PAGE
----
1. Individual investors prefer to have an investment with high ROI rather than a low-profit investment with environmental and social benefits.
  2. Males invest and donate more money than females in terms of quantity and frequency.
  3. People with a level of education above an associate degree (D3) have a significantly higher level of willingness to invest and donate to green project, compared to people with a lower level of education.
  4. In general, people with a higher income level have a higher willingness to invest. However, there is no proof on the relationship between level of income and willingness to donate.
  5. The age increases have a positive correlation with the willingness to invest in green project. Nevertheless, people >44 years old are more interested in donating than investing.
  6. The younger generation (<44 years) tends to pick higher returns and short payback periods compared to the older generations (>44 years).
  7. The respondents tend to invest and donate to the project located in the frontier, outermost, and least developed region (3T) even though the majority of the respondents are from Java, Madura, and Bali.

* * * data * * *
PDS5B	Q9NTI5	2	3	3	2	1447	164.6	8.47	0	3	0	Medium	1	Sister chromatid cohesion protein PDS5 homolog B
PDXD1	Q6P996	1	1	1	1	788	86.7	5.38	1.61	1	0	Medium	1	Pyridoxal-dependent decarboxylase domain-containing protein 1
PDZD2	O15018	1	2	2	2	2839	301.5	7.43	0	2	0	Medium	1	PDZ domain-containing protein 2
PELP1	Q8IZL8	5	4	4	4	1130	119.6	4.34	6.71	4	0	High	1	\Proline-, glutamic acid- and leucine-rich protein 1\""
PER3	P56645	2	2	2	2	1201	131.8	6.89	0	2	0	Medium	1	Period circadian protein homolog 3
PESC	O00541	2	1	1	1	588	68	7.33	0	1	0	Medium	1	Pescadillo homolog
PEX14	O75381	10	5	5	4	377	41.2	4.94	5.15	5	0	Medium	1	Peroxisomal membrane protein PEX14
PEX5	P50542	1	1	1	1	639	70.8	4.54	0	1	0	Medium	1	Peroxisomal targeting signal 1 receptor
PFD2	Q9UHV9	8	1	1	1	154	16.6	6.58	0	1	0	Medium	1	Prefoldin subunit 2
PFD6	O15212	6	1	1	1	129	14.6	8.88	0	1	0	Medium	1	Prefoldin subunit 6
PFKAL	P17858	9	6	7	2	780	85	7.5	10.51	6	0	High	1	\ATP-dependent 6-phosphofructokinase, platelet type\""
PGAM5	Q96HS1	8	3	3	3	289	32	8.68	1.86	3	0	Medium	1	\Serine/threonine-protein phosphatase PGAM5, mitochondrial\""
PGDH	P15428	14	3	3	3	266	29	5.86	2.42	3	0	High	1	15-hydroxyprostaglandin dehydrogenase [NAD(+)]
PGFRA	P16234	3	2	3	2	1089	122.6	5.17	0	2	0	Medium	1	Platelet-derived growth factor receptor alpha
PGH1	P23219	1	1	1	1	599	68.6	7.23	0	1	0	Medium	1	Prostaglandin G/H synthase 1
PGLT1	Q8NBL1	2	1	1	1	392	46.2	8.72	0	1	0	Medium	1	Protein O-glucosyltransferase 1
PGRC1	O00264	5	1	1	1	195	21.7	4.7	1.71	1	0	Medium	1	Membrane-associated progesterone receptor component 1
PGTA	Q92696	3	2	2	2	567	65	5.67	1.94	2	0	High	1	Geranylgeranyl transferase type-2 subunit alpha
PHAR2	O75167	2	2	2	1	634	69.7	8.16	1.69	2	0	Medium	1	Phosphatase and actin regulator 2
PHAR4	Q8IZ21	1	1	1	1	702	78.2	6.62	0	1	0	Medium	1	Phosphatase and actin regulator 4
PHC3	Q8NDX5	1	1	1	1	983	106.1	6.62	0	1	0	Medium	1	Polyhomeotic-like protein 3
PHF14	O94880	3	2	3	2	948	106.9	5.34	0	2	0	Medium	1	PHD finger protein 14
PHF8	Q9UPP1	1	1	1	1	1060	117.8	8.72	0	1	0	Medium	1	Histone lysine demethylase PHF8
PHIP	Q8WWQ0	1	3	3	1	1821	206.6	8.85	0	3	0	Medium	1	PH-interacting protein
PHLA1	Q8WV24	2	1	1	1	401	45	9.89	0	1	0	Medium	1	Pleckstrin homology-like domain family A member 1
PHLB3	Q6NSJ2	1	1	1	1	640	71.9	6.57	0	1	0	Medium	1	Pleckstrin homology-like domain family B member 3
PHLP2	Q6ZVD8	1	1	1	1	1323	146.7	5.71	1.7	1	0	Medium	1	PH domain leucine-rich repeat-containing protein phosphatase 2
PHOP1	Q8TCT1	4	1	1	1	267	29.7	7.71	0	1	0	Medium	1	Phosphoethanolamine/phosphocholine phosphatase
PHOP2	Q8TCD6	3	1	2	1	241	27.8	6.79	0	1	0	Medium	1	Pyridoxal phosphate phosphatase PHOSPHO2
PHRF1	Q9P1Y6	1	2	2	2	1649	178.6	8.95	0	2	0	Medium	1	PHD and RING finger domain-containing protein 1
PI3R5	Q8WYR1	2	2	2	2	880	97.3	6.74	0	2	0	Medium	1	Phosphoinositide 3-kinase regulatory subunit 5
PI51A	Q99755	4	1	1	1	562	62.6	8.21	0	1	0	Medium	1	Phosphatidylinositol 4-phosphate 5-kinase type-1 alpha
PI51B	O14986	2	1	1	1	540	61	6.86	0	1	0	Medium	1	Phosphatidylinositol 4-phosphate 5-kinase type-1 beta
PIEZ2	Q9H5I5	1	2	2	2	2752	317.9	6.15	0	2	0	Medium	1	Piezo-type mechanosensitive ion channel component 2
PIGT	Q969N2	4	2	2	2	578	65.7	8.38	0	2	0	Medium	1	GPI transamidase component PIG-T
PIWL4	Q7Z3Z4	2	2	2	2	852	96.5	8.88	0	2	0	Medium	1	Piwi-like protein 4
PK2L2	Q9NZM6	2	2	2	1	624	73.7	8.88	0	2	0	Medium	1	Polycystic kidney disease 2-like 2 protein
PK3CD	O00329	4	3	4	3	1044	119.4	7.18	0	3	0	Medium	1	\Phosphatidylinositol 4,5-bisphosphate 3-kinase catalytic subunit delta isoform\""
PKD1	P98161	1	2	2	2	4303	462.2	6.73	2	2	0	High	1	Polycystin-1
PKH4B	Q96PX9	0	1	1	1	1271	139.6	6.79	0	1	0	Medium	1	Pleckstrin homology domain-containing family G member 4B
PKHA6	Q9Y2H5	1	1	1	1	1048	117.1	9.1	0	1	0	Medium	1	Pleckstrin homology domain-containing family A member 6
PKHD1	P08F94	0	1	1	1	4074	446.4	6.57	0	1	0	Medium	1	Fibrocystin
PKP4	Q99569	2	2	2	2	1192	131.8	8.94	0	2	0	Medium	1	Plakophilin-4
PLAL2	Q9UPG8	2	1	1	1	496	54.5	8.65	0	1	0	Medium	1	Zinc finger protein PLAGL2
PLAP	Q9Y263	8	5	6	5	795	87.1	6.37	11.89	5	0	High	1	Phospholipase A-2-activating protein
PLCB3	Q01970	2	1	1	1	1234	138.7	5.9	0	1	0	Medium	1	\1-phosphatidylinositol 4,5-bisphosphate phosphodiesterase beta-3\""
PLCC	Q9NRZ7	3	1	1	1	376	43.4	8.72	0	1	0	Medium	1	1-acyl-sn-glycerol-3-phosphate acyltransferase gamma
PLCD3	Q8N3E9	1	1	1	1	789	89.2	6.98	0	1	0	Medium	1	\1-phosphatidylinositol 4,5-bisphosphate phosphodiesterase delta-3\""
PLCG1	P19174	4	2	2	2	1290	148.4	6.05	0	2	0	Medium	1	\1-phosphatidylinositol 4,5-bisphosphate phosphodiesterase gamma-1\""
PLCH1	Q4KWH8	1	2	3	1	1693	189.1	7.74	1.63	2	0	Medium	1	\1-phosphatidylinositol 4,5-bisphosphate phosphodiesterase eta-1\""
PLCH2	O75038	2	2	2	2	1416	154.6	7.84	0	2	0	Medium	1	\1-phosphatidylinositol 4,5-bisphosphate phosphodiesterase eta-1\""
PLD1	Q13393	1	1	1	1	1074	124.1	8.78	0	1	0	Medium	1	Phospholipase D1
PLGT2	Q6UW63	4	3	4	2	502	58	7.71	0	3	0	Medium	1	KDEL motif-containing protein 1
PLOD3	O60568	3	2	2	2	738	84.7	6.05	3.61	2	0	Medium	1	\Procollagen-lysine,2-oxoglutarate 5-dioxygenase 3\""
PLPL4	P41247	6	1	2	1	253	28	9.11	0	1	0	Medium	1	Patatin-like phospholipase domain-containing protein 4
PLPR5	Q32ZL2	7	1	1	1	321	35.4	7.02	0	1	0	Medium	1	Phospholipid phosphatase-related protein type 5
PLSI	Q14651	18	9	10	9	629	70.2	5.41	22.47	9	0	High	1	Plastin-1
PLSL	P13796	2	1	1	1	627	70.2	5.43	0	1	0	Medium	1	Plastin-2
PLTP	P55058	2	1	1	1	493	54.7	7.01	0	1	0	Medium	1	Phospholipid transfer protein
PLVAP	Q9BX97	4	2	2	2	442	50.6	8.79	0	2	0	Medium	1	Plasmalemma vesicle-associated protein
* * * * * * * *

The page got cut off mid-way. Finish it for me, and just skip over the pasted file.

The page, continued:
8. A social project such as health and education are preferable projects chosen by the respondents to invest and donate to, followed by the conservation, climate crisis, region’s welfare, and clean energy access.
  9. Clean energy has not been seen as one of the preferred targets for green project investors and donors due to the poor knowledge of its direct impact on the environment and people’s welfare.
  10. The average willingness to invest and donate is IDR 10,527,004 and IDR 2,893,079/person/annum with desired return on investment (ROI) and payback period (PP) of 5–8% 24 months, respectively.
  11. Respondents prefer to donate more money to reward donations than donations without reward.
  12. There is an enormous potential of crowdfunding as green project alternative financing, including renewable energy. The total investment could reach up to IDR 192 trillion (USD 13.4 billion)/annum and up to IDR 46 trillion (USD 3.2 billion)/annum for donation.
  13. The main bottlenecks are poor financial literacy and the lack of platforms to facilitate public participation.
  14. COVID-19 has decreased willingness to pay and invest due to income reduction and the uncertain economic recovery situation. However, it makes people pay more attention to the sustainability factor (shifting paradigm in investment).

DOI: https://doi.org/10.33116/pycrr-1

Massita Ayu Cindy Putriastuti (Purnomo Yusgiantoro Center)
Vivi Fitriyanti  (Purnomo Yusgiantoro Center)
Vivid Amalia Khusna  (Purnomo Yusgiantoro Center)
Inka B. Yusgiantoro (Purnomo Yusgiantoro Center)

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